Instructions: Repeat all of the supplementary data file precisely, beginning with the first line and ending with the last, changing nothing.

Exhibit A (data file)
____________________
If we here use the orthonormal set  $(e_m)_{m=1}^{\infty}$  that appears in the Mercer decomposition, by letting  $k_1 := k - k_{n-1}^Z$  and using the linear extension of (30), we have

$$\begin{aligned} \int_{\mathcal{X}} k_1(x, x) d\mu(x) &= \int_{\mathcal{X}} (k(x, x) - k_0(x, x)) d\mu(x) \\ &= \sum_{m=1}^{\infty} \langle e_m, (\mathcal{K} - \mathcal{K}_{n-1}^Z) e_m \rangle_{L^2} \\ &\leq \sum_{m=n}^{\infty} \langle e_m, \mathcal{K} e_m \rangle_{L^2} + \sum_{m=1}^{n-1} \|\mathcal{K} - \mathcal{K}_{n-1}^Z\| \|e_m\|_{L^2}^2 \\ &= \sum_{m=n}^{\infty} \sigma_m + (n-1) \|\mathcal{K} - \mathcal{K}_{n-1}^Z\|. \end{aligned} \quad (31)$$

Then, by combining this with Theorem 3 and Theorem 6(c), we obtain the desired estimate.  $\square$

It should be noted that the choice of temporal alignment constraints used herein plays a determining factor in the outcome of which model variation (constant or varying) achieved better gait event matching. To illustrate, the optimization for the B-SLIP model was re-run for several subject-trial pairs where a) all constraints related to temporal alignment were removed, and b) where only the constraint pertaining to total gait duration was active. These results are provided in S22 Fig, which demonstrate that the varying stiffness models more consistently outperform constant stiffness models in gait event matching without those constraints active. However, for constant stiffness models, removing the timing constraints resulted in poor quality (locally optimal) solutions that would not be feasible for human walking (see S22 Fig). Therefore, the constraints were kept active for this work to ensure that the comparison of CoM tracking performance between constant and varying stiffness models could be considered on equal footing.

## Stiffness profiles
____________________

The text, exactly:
If we here use the orthonormal set  $(e_m)_{m=1}^{\infty}$  that appears in the Mercer decomposition, by letting  $k_1 := k - k_{n-1}^Z$  and using the linear extension of (30), we have

$$\begin{aligned} \int_{\mathcal{X}} k_1(x, x) d\mu(x) &= \int_{\mathcal{X}} (k(x, x) - k_0(x, x)) d\mu(x) \\ &= \sum_{m=1}^{\infty} \langle e_m, (\mathcal{K} - \mathcal{K}_{n-1}^Z) e_m \rangle_{L^2} \\ &\leq \sum_{m=n}^{\infty} \langle e_m, \mathcal{K} e_m \rangle_{L^2} + \sum_{m=1}^{n-1} \|\mathcal{K} - \mathcal{K}_{n-1}^Z\| \|e_m\|_{L^2}^2 \\ &= \sum_{m=n}^{\infty} \sigma_m + (n-1) \|\mathcal{K} - \mathcal{K}_{n-1}^Z\|. \end{aligned} \quad (31)$$

Then, by combining this with Theorem 3 and Theorem 6(c), we obtain the desired estimate.  $\square$

It should be noted that the choice of temporal alignment constraints used herein plays a determining factor in the outcome of which model variation (constant or varying) achieved better gait event matching. To illustrate, the optimization for the B-SLIP model was re-run for several subject-trial pairs where a) all constraints related to temporal alignment were removed, and b) where only the constraint pertaining to total gait duration was active. These results are provided in S22 Fig, which demonstrate that the varying stiffness models more consistently outperform constant stiffness models in gait event matching without those constraints active. However, for constant stiffness models, removing the timing constraints resulted in poor quality (locally optimal) solutions that would not be feasible for human walking (see S22 Fig). Therefore, the constraints were kept active for this work to ensure that the comparison of CoM tracking performance between constant and varying stiffness models could be considered on equal footing.

## Stiffness profiles